I pay off the captain of a tiny trade ship that is going upstream, and he recommends I stop off at a cousin's of his before heading for the great city of Arkatrash. Apparently, tourists like me like to take trips out into the desert to see the great Pyramids of Arkamanthali. Never heard of Arkamanthali? Well, it's been a while since that name has been in everybody's mouth, I can tell you that. They were a great line of paros, which is the title of the King of Arkatrash, though during their times they were empires, and the entire Red Sands were settled and fruitful. They arose during the Age of Awakening when the Lady of Water had been a native Arkatrashian and was proclaimed paro, bringing great fertility and growth to the empire. But in the Age of Heroes, my captain now turned tour guide tells me, they fell to the brink of ruin, and nowadays only the great city of Arkatrash remains. Well, that and the Pyramids of Arkamanthali, which are the only grand structures that weren't buried under the Red Sands over the course of many centuries.
Well, he got me riled up indeed. I pass him some extra keys and he recommends I exchange my remaining ones for Arkatrashian money in Arkatrash as it is more commonly accepted around the central Great Land. But first we stop by Jahse, the cousin of captain Hnas. The captain drops me off, and Jahse treats me to a lovely dinner with his wife and young son. We eat grilled viper stuffed with dates, which is a lot tastier than it sounds, and have a nice, refreshing drink of yrvq, which grows all the more difficult to pronounce when you chug a lot of it. With an interesting greenish hue, it is an alcoholic beverage, a sort of ale if you will, made from a special type of algae from the river.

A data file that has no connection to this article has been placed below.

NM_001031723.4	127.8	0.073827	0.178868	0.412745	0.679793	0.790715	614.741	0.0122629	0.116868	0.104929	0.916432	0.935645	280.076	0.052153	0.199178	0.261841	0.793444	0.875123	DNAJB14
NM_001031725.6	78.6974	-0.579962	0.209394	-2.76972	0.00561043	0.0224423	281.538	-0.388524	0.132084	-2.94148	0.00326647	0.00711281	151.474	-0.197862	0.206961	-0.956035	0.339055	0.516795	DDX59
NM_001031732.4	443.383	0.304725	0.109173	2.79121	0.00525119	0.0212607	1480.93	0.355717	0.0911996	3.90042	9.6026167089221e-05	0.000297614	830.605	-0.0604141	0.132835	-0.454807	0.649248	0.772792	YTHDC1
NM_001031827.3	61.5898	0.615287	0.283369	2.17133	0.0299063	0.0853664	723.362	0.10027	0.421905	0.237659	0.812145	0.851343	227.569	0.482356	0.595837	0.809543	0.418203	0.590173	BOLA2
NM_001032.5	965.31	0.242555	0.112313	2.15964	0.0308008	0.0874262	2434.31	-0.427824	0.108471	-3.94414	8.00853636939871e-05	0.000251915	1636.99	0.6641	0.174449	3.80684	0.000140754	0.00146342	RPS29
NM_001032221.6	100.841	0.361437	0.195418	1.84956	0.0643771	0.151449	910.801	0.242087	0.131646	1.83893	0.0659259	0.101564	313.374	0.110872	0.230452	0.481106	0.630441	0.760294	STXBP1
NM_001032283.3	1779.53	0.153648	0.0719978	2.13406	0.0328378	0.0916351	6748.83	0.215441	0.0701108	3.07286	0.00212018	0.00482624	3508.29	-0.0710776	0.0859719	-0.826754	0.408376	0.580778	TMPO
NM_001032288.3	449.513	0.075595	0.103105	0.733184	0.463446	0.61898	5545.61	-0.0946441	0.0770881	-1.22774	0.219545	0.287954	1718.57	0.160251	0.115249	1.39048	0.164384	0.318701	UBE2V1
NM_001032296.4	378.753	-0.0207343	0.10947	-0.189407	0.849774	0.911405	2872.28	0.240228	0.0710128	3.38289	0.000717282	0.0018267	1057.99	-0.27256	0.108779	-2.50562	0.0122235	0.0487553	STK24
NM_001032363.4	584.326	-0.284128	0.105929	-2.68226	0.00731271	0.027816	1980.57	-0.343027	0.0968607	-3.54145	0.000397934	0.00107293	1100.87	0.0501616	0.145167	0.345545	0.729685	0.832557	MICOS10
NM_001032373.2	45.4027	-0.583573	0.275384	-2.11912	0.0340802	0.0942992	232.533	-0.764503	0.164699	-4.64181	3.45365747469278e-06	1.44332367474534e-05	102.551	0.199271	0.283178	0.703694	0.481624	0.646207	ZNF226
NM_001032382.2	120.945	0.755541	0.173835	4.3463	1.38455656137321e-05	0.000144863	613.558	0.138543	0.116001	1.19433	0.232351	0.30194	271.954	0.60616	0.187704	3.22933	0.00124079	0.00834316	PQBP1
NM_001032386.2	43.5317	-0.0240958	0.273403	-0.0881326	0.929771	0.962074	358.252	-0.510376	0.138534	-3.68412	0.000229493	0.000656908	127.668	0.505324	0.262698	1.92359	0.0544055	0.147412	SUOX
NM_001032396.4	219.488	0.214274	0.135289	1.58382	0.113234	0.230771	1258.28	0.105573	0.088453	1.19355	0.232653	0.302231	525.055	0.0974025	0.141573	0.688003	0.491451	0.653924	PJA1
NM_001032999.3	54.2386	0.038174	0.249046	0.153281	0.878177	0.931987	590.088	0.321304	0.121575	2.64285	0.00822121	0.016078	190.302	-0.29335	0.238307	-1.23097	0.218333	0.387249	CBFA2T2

In the morning, we leave on camel-back, an interesting experience to say the least. I have to say that it takes some getting used to, and the heat is staggering. But the endless red dunes do have their charm, gently rolling across the horizon like an ocean. It takes several hours before we reach a small outpost. It is located around a tiny oasis with a couple of palm and date trees, just two little white houses shared by a nice small family. They say that life isn't always easy, but travelers will pass through every few days to see the pyramids, and with them having access to life-giving water, they have carved out a secure living for themselves. They even dream of one day having a whole village arise around the small oasis. If it does, I shall return to inspect the progress they have made.
After staying the afternoon and night, Jahse and I move on, but have to stop by another oasis for the night before reaching the Pyramids of Arkamanthali by noon two days after we left his home at the banks of a western sidearm of the Giranja. Now we see them. What a glorious sight. This photograph can hardly do them justice, for they reach up far into the heavens above. Worn around the edges, but still standing tall and proud, these great pyramids were once the foundation of the Skyward Castles of the Arkamanthali Dynasty. Jahse apologizes, telling me that climbing the pyramids to inspect the old castles is forbidden since the locals as well as the Arkatrashian Government fear that such an act risks damaging the structures. While a bit unfortunate, I see where they are coming from, and seeing these magnificent monuments to human endeavor was well worth the trip. Clearly, the Great Land is the place to be when you are looking for impressive sights like this, and the Red Sands are an excellent starting point for your journey. Keep dreaming, and keep traveling. This column will continue soon, as I explore more of this wonderful world. T.F.